Deciding between an LLC and a Corporation

When starting a business, one of the most important decisions you’ll make is choosing the right legal structure. Limited Liability Companies (LLCs) and Corporations represent two of the most common options. Each has its own advantages and disadvantages, so it’s crucial to conduct diligent research, understand the differences, and consider your specific business needs before making a decision.

The following information can serve as a guide during the first stage of your research, but we strongly recommend that you consult with a business planning attorney to learn more specific details of these business structures – particularly as they pertain to your organization – before making a decision.

Limited Liability Company (LLC)

An LLC is a flexible and relatively simple business structure that combines elements of partnerships and corporations. Electing the LLC structure will confer the following benefits:

Limited Liability. One of the primary benefits of an LLC is that it provides limited liability protection to its owners (also known as members). This means that the personal assets of the members are protected from business debts and liabilities. In the event of a lawsuit or bankruptcy, creditors typically cannot go after the personal assets of the members.

Pass-Through Taxation. LLCs provide options with regard to taxation, allowing the business to choose how it is taxed. Many business owners prefer S elections, meaning that business profits and losses are passed through to the owners’ personal tax returns. This avoids double taxation, as the business itself does not pay taxes. Instead, members report their share of the profits or losses on their individual tax returns.

Flexibility. LLCs offer greater flexibility in terms of management structure and ownership. They can be managed by the members themselves (member-managed) or by appointed managers (manager-managed). Additionally, there are no restrictions on the number or type of members an LLC can have.

Less Formality. Compared to corporations, LLCs have fewer formal requirements and ongoing compliance obligations. There is no need for annual meetings, extensive record-keeping, or complex corporate formalities.

Note: An LLC is not an option for all businesses. For example, professional practices are prohibited from utilizing this structure.

On the other hand, an LLC is often the best solution for certain endeavors, such as real estate holdings.

Corporation

A corporation is a separate legal entity owned by shareholders. Business owners might choose to incorporate for many reasons, but the most common ones include:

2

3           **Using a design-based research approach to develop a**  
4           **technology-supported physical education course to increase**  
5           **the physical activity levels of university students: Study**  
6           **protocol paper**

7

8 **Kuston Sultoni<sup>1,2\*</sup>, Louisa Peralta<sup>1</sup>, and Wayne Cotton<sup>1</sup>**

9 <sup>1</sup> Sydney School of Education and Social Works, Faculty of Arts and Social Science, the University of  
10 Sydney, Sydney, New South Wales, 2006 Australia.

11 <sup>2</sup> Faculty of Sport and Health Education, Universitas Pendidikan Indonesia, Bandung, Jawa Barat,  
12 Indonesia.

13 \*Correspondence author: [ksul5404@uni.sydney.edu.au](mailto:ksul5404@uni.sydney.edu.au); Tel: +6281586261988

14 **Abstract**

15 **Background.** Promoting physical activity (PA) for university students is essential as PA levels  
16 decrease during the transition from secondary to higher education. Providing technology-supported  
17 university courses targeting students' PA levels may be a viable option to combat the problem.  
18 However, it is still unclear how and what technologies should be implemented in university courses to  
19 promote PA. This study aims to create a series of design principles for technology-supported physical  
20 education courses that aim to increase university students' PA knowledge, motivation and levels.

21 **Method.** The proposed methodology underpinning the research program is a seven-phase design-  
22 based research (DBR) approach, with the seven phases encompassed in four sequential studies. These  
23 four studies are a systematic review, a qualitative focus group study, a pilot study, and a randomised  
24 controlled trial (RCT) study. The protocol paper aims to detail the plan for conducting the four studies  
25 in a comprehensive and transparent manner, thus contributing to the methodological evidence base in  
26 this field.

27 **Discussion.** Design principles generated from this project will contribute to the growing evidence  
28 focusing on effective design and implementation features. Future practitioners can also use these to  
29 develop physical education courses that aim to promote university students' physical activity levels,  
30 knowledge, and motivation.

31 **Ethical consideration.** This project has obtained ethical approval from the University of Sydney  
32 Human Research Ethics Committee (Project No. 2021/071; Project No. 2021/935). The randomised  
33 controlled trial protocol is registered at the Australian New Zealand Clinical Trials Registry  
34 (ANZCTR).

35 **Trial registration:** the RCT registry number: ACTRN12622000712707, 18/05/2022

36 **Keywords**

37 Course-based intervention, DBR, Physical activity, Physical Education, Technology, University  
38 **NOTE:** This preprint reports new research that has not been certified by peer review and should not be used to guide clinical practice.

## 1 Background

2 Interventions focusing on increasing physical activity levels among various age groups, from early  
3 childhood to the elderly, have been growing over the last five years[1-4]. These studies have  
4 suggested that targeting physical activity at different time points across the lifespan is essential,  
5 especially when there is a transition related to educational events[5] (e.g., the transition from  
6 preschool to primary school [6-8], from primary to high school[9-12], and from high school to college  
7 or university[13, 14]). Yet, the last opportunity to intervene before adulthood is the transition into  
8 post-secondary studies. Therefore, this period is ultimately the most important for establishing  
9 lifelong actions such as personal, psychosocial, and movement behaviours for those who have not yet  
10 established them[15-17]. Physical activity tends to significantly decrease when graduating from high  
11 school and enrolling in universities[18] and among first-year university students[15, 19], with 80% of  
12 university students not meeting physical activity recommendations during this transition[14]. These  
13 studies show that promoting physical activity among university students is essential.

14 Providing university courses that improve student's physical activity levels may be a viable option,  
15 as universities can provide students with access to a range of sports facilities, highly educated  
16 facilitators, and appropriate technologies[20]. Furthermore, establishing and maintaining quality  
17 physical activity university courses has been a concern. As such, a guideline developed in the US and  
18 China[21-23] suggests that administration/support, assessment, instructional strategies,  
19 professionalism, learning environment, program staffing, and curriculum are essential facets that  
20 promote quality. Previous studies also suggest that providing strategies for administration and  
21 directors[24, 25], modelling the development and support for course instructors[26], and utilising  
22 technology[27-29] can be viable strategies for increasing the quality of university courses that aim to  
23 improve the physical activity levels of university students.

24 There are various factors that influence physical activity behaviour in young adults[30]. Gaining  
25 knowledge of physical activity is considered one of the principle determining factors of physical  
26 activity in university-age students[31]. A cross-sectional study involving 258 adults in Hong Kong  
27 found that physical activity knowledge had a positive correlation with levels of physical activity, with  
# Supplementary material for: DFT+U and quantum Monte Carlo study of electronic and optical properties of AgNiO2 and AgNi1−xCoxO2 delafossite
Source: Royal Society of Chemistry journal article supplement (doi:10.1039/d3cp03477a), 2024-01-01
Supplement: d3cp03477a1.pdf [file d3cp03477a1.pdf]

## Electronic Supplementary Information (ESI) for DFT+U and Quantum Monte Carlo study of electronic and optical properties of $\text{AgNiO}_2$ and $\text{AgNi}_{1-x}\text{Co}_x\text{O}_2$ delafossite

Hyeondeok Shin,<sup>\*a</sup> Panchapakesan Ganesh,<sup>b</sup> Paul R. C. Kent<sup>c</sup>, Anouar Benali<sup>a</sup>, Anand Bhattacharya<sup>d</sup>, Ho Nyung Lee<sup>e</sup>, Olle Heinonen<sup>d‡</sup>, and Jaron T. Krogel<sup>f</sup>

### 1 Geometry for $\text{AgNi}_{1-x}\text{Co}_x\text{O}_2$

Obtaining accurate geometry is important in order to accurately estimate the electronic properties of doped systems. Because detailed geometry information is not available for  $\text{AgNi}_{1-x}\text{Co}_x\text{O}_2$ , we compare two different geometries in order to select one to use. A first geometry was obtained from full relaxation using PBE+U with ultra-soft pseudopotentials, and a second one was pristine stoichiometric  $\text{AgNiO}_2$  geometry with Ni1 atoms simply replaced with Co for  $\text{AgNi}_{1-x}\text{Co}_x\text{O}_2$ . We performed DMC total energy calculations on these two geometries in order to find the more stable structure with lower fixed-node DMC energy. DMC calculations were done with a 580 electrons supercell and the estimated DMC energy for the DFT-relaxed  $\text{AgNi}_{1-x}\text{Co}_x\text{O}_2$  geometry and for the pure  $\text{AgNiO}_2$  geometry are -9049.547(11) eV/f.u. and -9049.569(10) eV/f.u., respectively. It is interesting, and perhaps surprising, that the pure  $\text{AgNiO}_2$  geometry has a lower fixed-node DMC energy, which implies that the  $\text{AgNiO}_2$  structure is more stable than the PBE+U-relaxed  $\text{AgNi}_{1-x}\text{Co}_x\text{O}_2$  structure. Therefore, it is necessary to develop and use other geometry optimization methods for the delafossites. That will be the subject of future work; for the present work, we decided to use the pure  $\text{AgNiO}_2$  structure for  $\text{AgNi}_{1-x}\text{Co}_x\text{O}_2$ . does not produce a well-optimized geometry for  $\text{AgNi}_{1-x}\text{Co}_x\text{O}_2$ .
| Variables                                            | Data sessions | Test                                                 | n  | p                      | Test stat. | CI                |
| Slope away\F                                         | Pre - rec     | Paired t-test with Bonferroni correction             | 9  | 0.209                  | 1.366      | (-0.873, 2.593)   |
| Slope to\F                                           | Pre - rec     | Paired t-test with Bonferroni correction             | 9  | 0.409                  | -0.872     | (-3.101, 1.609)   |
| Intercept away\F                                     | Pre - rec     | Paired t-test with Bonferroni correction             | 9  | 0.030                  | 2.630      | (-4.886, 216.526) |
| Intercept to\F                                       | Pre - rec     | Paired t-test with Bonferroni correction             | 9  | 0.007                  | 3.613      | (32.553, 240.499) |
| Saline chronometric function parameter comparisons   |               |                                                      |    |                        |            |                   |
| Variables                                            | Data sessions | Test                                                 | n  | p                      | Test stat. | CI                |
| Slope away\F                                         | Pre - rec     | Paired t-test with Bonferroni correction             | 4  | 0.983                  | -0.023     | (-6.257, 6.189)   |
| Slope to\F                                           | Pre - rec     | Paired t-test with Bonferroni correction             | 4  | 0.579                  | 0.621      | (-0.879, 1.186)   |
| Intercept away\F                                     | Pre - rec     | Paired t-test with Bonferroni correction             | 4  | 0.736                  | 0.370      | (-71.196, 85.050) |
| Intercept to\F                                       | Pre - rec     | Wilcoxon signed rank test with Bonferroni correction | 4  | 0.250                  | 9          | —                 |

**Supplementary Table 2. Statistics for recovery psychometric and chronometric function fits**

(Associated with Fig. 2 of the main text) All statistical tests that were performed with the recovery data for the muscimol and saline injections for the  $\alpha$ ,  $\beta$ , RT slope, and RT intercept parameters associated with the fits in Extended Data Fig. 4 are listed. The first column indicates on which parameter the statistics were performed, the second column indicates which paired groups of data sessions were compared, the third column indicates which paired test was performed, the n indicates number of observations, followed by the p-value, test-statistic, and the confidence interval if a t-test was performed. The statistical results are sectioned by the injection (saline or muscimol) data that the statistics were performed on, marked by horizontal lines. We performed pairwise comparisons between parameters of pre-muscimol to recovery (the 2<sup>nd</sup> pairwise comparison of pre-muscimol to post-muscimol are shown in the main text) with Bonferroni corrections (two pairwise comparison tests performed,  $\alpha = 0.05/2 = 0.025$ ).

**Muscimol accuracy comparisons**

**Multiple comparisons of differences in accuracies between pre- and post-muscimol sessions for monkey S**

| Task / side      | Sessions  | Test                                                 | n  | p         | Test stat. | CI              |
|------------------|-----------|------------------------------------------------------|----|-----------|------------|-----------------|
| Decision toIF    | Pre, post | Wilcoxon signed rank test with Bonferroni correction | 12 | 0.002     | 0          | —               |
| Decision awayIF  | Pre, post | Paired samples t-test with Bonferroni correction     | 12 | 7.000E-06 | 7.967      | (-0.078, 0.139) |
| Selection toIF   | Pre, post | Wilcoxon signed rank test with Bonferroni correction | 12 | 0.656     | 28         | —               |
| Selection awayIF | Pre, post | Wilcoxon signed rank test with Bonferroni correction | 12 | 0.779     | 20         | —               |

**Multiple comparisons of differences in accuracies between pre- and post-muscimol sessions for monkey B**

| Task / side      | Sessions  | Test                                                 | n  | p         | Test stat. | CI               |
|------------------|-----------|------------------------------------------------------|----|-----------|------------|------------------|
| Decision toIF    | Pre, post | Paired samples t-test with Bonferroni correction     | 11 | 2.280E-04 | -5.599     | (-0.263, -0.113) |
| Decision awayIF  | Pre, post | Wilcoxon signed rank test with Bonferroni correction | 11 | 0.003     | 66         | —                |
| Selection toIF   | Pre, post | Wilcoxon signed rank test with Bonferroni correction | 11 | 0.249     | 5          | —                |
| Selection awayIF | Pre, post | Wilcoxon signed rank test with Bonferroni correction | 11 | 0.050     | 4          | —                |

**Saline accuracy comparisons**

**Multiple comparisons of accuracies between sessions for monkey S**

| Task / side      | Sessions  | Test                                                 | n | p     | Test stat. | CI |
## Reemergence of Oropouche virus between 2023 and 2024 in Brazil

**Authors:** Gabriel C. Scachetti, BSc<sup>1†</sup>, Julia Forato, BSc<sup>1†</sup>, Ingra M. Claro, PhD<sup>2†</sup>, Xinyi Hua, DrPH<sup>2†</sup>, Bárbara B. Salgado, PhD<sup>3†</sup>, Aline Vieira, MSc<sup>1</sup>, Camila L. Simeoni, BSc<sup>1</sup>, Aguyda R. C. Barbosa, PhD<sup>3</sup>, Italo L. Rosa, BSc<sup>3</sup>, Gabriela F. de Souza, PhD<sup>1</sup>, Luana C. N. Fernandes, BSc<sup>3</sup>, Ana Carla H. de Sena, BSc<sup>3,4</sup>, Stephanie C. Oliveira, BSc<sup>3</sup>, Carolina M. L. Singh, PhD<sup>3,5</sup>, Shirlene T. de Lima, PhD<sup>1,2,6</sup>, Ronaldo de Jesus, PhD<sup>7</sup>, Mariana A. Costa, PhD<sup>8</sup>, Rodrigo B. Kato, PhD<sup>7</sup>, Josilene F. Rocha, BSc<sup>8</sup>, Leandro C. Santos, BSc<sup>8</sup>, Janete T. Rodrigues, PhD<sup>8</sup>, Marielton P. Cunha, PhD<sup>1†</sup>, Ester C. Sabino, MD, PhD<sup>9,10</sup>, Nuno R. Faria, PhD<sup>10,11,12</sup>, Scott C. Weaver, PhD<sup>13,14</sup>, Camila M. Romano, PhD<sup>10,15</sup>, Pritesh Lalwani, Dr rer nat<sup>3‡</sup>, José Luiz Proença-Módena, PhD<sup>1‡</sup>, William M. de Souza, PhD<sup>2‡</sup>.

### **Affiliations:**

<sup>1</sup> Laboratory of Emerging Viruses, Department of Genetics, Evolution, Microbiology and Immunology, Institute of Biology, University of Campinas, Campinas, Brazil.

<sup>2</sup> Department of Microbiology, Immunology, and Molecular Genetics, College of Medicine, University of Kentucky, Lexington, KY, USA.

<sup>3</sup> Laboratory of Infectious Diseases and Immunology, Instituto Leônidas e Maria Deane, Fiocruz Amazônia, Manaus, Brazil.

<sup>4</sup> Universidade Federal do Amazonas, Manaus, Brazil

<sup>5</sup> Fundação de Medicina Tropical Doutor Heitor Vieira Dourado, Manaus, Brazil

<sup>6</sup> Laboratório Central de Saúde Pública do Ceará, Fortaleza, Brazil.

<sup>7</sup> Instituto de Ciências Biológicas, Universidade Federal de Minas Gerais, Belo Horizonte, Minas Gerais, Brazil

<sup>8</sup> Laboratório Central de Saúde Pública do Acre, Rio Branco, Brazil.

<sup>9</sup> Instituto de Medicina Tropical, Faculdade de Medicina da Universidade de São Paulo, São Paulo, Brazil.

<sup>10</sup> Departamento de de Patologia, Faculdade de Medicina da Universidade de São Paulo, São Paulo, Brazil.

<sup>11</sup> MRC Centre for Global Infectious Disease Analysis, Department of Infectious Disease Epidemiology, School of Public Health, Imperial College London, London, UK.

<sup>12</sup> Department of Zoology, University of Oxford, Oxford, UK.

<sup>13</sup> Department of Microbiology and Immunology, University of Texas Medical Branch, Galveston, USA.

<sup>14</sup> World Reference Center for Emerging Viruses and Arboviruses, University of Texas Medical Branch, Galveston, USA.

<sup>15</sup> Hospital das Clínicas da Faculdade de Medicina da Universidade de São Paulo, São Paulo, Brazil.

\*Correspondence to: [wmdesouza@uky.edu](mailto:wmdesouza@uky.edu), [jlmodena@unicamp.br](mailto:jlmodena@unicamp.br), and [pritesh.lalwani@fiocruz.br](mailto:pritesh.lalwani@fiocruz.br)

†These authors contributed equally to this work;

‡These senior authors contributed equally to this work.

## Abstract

Limited Liability. Like LLCs, corporations provide limited liability protection to their owners (shareholders). Shareholders are not personally liable for the debts and liabilities of the corporation.

Corporate Taxation. Unlike LLCs, corporations are subject to double taxation. This means that the corporation itself pays taxes on its profits, and then shareholders pay taxes on any dividends they receive. However, corporations can also choose to be taxed as S corporations, which allows them to pass through income to shareholders and avoid double taxation. It’s important to note that most CPAs prefer their clients use the formal S Corporation structure due to its unique tax benefits.

Formal Structure. Corporations have a more rigid structure and are subject to more formalities than LLCs. They must hold regular meetings of shareholders and directors, maintain detailed corporate records, and adhere to specific corporate governance requirements.

The increased structure of a Corporation (Officers, Directors, Shareholders, etc) can be beneficial for organizations with multiple layers of management or ownership. Many LLC owners attempt to build this into their Company later, but it is usually easier to use the Corporation’s structure from the very beginning.

Attractiveness to Investors. Corporations are often more attractive to investors, as they can issue stock and raise capital by selling shares. Additionally, corporations have a perpetual existence, meaning they can continue to operate even if ownership changes.

Note: In some cases, the Corporation structure is required – such as for professional practices.

Choosing Between an LLC and a Corporation

So, how do you know whether to choose an LLC or a Corporation for your business? Consider the following factors.

  • Both structures can protect your personal assets from business liabilities, but other factors will vary.
  • Consider how you want your business to be taxed. Both structures can allow pass-through taxation. However, if you plan to reinvest profits into the business or attract outside investors, a corporation may be the better choice.
  • If you value flexibility in management structure and ownership, an LLC may be more suitable.
  • If you plan to seek outside investment or go public in the future, a corporation may be more attractive to investors.
  • If you plan to hold physical assets, such as equipment, inventory, vehicles, or real estate, an LLC can be preferable as a holding company.

While both LLCs and corporations offer unique benefits and drawbacks, the decision process will depend on your specific business goals. Schedule a consultation with our business planning attorneys so that we can help you analyze your needs in more detail, and then together we will determine the best option for your particular situation. By carefully considering all relevant factors, you can make an informed decision that sets up your business for success.

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This article is for informational purposes only and does not constitute legal advice. For personalized advice, please contact California Business Formations.

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